Five words from the blurb: twins, cemetery, tragedy, disturbing, childhood
I hadn’t heard of this book until an unsolicited review copy popped through my letter box, but the fact it had won the inaugural Terry Pratchett Prize grabbed my attention. I’m pleased that I gave it a try as it was an entertaining read.
Half-Sick of Shadows is set in a remote house which has a cemetery as a back garden. Edward, the central character, lives here with his family, but nothing is quite as it seems. It quickly becomes obvious that things don’t always occur as they do in our world and certain physical laws can be broken. Having completed the book I’m still not entirely sure what could happen in this strange, but familiar world, but I enjoyed being taken along for the ride.
The book begins with the death of the children’s grandmother. The death changes the balance of things in the house and nothing is the same as it was before.
The first part of the book reminded me of The Wasp Factory. The books share a creepy atmosphere that results from the isolation of the characters and their bizarre, cruel actions.
When Edward starts school the atmosphere changed to mimic that of Never Let Me Go. Almost everything was normal, but there was that underlying sense that things weren’t quite right. It was impossible to put your finger on exactly what was going on, but I loved the strange sense of foreboding that it created.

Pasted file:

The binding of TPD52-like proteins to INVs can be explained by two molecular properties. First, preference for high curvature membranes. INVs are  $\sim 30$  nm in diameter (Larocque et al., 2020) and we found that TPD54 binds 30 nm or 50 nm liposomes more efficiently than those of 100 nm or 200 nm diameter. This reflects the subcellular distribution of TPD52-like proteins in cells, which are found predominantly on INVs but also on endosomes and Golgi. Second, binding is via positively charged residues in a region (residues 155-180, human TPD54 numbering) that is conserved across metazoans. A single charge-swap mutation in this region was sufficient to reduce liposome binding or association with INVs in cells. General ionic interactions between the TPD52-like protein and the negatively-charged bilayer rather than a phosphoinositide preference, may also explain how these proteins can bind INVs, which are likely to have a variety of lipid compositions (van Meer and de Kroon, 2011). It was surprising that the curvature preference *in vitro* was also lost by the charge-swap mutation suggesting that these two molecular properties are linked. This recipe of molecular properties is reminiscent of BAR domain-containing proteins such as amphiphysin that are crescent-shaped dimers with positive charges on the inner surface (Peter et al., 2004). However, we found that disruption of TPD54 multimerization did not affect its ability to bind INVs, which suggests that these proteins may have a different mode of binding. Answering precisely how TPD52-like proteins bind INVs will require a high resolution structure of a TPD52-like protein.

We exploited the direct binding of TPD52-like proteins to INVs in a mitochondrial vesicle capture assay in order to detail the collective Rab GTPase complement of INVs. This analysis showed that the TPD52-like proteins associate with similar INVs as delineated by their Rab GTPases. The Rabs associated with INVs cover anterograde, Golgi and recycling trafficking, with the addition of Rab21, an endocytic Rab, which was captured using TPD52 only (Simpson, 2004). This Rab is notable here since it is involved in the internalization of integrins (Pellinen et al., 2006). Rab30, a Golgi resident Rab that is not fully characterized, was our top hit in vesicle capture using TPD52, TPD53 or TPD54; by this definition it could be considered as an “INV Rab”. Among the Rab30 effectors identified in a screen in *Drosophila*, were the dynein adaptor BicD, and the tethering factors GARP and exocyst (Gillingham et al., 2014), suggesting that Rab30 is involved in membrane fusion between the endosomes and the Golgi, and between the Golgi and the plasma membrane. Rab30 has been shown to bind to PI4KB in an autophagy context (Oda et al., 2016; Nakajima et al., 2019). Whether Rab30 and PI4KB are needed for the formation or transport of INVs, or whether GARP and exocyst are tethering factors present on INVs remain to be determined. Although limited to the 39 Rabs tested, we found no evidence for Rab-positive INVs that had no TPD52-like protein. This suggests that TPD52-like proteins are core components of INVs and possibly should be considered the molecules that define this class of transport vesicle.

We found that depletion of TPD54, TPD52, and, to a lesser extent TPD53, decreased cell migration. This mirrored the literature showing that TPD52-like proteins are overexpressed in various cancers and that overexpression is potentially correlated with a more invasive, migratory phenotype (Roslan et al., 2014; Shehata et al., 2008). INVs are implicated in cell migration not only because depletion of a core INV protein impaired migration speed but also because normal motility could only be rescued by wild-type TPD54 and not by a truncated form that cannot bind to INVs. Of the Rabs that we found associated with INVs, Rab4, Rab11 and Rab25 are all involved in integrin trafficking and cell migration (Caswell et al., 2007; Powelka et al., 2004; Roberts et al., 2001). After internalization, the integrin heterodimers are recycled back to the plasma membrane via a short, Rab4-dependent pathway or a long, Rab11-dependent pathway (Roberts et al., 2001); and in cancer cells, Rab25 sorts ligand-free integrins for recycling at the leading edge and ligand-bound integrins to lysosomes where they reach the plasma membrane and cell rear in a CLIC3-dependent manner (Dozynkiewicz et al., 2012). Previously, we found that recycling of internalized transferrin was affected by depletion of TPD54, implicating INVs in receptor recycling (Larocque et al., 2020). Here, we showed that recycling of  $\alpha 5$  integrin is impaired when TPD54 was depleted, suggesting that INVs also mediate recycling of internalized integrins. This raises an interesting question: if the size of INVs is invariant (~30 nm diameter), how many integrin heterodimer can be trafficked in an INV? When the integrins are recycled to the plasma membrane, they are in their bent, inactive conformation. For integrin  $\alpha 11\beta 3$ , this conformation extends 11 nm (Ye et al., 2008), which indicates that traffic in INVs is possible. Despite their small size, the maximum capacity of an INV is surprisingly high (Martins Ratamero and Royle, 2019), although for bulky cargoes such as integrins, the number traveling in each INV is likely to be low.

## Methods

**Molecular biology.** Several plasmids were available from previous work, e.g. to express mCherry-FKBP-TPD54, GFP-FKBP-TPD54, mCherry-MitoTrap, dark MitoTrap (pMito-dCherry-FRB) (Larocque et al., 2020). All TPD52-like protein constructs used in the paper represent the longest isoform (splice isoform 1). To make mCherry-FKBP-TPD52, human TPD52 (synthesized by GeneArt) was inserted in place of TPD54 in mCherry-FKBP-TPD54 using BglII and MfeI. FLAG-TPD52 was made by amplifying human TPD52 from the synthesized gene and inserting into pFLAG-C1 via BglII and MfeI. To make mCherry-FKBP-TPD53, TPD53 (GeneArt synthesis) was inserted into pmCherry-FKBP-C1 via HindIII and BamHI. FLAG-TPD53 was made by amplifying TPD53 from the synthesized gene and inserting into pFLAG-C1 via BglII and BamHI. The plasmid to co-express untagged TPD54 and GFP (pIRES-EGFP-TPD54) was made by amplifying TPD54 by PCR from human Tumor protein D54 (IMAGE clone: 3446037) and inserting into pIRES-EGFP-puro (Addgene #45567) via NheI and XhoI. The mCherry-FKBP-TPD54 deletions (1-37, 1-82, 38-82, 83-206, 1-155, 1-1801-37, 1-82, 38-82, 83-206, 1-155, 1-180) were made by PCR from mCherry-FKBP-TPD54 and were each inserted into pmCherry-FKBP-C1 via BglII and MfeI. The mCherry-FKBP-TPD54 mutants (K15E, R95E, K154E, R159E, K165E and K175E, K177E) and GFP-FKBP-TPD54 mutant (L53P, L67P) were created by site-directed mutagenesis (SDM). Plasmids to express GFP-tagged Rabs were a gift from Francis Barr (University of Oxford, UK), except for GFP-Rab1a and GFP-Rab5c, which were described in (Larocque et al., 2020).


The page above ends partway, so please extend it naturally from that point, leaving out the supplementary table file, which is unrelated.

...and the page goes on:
As the book progressed the reader discovers more about the world these characters live in and the pace of the plot increases until it reaches a dramatic conclusion.
This is quite a subtle book. The joy is in trying to work out what is going on in this dark, creepy world. Many aspects of the plot could be perceived as disturbing (murder, incest, rape) but the author somehow manages to inject a light humor that prevents anything from becoming too traumatic.
My only complaint is that the book lacked the thought-provoking aspects of the other two books I mentioned. Half-Sick of Shadows is purely for entertainment and although there is nothing wrong with that it means that it doesn’t stand out in the same way.
Recommended to anyone who enjoyed The Wasp Factory.